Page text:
Myles Ward, chief technology officer at Inland Revenue Department, is the new CEO at healthAlliance.
Ward will join one of the country’s largest shared services organisation on November 16.
healthAlliance Board chair David Clarke announced the appointment last week, citing Ward’s more than 15 years of senior leadership experience. "healthAlliance is at an important point of change, and we look forward to Myles’ creative drive and leadership," said Clarke in a letter announcing the appointment..
Ward has been CTO at IRD for nearly three years, and before this was its GM IT operations and services.
He joined IRD in July 2006 as IT manager, a role he held for over four years. He came from Westpac, where he was head of business management.
He is no stranger to the complexities of the health sector having previously spent some time working in the Disability directorate
Most recently, his senior executive role as the CTO of IRD has been primarily focused on the strategic direction of IRD and the technology aspects of IRD’s large scale business transformation, according to Clarke.
“Coupled with a background in operating large scale and complex ICT environments and a record of successfully delivering large scale technology related change, Myles also brings to the role an extensive private and public sector network.
“As well as significant IT and ICT experience, Myles brings strategic and business planning, operational experience, and a passion for customers and people. He brings a drive for innovation and a spirit of collaboration to the role.”
“He is also no stranger to the complexities of the health sector having previously spent some time working in the Disability directorate,” the letter stated.
Ward has a business degree from Massey University, and a Masters of Public Administration through Monash and Victoria University.
healthAlliance is jointly owned by four northern region district health boards: Northland, Waitemata, Auckland, and Counties Manukau Health.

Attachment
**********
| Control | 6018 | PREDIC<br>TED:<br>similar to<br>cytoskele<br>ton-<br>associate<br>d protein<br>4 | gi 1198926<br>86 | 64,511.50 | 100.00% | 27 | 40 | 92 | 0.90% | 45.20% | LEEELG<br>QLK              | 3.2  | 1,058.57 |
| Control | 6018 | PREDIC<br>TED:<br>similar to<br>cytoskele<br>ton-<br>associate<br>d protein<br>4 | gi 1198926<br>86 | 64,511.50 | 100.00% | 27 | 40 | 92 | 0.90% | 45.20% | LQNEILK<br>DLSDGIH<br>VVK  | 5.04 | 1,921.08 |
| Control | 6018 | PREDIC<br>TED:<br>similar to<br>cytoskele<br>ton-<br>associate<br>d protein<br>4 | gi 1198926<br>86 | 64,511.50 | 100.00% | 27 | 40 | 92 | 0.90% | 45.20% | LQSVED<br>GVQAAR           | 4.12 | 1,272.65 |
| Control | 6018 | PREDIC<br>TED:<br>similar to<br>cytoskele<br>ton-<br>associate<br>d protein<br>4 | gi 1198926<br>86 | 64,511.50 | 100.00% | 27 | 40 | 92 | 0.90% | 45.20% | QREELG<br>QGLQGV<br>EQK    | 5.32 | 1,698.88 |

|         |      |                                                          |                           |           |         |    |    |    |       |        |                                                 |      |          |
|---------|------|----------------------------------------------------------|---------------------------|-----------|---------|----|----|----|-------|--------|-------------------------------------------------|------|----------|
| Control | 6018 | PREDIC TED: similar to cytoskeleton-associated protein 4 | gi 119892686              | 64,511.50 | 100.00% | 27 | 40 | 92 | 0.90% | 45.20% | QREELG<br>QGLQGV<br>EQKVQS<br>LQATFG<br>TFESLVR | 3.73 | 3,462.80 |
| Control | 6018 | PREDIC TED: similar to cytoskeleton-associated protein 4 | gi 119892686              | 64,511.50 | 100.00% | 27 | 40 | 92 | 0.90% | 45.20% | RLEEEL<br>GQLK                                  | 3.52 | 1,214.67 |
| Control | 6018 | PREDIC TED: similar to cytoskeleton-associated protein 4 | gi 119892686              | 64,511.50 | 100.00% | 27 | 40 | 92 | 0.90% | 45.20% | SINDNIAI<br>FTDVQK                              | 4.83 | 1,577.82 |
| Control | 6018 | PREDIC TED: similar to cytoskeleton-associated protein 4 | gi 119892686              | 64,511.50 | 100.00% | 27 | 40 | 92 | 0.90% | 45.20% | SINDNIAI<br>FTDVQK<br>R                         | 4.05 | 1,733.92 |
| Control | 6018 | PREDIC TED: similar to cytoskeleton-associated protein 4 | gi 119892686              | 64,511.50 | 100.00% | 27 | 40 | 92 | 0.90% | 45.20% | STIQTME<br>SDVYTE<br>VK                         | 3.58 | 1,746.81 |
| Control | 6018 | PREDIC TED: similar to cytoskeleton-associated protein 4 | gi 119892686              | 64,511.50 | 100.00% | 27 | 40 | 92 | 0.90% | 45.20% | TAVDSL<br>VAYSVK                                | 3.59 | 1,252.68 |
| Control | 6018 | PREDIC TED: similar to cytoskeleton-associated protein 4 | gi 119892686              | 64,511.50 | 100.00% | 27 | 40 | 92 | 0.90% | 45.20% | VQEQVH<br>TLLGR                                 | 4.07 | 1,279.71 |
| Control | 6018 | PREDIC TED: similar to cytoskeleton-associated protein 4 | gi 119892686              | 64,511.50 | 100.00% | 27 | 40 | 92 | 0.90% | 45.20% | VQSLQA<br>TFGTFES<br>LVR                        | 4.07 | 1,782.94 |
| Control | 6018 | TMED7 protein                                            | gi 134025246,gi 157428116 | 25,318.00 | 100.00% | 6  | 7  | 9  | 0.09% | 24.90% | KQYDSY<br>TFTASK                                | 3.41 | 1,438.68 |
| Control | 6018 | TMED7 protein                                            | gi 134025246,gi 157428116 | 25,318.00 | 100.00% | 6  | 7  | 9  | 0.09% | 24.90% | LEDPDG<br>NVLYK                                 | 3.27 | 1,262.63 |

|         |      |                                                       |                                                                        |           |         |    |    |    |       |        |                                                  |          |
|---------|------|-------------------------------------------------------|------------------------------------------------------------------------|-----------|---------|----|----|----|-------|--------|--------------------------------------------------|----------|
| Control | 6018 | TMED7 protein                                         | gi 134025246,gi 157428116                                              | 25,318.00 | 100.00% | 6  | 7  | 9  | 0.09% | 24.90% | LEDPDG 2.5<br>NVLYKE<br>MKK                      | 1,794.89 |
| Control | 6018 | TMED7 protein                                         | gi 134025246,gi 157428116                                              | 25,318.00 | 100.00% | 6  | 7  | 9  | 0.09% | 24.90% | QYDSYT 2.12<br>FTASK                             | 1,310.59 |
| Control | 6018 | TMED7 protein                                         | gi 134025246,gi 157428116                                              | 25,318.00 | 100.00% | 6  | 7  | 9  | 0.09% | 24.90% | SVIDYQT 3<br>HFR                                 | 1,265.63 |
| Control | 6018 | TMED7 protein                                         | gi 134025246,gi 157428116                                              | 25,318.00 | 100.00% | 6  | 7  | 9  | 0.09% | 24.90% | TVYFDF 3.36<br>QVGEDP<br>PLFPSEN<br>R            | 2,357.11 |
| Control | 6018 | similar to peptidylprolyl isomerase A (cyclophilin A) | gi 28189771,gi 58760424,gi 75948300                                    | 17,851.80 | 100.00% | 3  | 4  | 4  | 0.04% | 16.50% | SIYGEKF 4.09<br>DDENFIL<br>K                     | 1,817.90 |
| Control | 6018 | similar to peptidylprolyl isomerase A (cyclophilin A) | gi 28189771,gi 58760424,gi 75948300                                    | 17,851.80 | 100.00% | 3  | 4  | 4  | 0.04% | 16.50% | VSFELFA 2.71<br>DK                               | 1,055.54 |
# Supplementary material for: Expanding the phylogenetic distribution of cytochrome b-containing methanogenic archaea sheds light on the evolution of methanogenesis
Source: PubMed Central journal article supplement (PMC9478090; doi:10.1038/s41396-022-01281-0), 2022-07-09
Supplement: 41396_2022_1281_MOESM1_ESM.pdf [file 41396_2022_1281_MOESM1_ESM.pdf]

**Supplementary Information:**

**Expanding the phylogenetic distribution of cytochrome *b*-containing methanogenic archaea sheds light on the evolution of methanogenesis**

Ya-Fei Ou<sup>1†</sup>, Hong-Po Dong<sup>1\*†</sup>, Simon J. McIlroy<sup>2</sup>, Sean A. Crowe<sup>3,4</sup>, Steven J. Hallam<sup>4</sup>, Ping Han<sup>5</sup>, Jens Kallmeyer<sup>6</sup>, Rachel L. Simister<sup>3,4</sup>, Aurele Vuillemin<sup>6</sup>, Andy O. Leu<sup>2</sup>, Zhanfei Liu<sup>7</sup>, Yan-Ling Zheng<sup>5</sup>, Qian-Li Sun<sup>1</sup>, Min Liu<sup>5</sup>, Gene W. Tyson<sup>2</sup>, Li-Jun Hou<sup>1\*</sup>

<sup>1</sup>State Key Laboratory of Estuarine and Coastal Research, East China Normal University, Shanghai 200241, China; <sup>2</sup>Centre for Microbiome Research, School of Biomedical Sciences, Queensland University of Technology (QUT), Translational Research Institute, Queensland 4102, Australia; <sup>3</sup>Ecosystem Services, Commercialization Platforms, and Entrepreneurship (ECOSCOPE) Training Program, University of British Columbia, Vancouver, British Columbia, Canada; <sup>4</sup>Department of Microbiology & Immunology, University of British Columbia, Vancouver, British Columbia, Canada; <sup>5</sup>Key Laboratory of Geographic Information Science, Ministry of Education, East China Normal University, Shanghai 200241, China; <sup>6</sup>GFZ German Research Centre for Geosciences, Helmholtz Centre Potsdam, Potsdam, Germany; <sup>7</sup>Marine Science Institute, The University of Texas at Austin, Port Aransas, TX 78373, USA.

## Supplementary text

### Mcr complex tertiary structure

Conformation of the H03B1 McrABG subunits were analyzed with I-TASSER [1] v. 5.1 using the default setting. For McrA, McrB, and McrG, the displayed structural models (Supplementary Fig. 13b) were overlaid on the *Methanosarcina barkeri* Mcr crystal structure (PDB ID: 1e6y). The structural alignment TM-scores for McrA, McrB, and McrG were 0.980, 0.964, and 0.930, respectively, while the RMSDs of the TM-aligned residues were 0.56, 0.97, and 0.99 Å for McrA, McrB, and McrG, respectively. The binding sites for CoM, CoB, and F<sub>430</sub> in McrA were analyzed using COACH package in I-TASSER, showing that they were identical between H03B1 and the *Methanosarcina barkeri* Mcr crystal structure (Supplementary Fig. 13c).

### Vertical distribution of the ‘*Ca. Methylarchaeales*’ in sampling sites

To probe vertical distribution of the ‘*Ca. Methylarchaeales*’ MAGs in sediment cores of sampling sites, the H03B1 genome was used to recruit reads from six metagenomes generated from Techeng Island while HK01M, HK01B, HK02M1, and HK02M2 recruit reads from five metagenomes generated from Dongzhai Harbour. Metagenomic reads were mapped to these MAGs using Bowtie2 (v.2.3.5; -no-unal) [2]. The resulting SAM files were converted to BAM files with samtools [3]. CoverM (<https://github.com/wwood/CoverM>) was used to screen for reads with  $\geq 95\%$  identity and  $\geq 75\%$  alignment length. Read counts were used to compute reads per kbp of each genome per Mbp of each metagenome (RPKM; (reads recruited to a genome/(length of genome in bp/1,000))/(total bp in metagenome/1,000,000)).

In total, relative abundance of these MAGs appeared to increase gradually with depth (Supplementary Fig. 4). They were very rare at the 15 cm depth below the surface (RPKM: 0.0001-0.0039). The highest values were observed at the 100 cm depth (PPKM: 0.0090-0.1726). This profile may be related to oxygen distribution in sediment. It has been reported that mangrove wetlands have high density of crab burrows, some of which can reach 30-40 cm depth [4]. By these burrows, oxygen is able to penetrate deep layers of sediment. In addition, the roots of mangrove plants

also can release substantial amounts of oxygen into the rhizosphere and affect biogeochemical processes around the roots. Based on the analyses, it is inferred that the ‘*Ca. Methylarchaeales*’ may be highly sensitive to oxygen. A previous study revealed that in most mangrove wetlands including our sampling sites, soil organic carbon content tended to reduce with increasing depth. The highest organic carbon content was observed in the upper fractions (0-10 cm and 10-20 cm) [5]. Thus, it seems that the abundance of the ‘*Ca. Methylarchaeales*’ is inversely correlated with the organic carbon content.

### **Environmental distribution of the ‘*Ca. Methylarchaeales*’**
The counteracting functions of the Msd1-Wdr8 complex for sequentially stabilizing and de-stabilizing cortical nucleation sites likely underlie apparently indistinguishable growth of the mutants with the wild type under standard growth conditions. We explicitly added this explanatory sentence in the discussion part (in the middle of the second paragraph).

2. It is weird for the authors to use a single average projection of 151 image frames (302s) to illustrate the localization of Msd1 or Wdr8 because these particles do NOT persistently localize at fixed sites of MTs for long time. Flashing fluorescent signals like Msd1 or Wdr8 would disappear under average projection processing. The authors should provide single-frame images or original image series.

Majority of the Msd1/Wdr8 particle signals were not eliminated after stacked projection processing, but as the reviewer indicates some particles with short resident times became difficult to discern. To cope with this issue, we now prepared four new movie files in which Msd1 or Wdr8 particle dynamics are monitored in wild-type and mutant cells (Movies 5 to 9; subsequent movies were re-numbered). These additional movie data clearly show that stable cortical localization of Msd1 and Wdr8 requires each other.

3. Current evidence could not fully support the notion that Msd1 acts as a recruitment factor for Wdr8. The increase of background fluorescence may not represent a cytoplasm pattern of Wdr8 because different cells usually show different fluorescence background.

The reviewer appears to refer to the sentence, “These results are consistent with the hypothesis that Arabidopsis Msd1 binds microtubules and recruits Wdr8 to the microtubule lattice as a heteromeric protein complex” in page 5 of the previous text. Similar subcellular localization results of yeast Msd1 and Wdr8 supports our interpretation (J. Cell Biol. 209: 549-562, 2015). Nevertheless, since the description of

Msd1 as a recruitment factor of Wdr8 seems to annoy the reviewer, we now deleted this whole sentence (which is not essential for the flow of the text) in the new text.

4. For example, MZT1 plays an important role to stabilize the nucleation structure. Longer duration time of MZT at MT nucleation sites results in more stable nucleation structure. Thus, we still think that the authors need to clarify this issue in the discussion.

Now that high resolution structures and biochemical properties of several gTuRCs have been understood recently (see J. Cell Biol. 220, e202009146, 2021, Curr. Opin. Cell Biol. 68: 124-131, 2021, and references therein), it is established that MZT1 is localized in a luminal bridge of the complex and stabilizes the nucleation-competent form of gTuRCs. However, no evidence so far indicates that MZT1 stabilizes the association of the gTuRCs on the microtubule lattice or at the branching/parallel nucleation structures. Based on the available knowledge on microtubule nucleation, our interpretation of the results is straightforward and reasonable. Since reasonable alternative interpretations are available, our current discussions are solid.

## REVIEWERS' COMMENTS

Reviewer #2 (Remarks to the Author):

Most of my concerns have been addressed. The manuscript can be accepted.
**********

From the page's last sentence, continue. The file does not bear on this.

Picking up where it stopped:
healthAlliance provides IT and non-clinical services for the four Northern district health boards. In July 2014, it started providing procurement services to all 20 district health boards.
It has also recently appointed a new CIO, Kevin Robinson, who was the interim CIO following the resignation of Claire Govier in April this year.
The 273-strong IT team at healthAlliance, spread over eight locations, manages one of the country’s largest IT environments. It is number three in this year’s CIO100, the annual report on the top ICT using organisations in New Zealand.
According to the report, its ICT team manages 26,416 screens, and supports over 27,500 DHB staff across 10 hospital sites, 94 community sites and 266 dental sites.
In July, another government ICT executive made a similar career move – Stephen Crombie who became CEO of Education Payroll Limited. EPL is the government company formed to take over the management of the schools’ payroll service following the Novopay incident.
Matt O’Mara, now chief executive at Stratford District Council, is also among the growing number of CIOs and CTOs who have moved to CEO roles. His previous roles include chief information and technology officer at Central Agency Shared Services of the New Zealand Treasury and CIO at Careers New Zealand.
Peter Thomas, now Fuji Xerox general manager, came from government, where he was deputy chief executive corporate services at Ministry of Business, Innovation and Employment. His previous roles included general manager at Westpac, New Zealand Defence Force as CIO, GM organisational support at the Navy, GM strategic programs at the NZDF.
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A 'helicopter view' of the organisation
Andre Mendes, interim CEO and Director at Broadcasting Board of Governors (BBG) in the US and a former CIO, believes this career ascent is due to the fact that the CIO has a “helicopter view” of the company that very few other people enjoy.
The ERP, CRM and e-commerce implementations CIOs work on are “the entire technology strata of a company”, he told<i>CIO New Zealand.</i>
“What you have is a realm in which the CIO is now very, very comfortable because they have had to implement enterprise systems in all of those areas. That helicopter view provides them with an understanding of the business at large including the external, the suppliers, to supply chain environments and downstream, the retailers and distributors,” said Mendes.
“That provides unique fodder for a CIO to be an operations leader and eventually, the organisation’s leader.”
Basil Botoulas, vice president and general manager, ANZ, Hitachi Data Systems, also said the next generation of CEOs will come from the ranks of current chief information officers.
“The best CIOs will be the CEOs of tomorrow,” said Boutulas. While he points out that a number of technology companies now have CEOs who have this background, he believes this career ascent will also apply to CIOs in other sectors.
These are the CIOs that are currently working on data analytics pulled from the Internet of Things, he stated, referring to the rise of connected devices.
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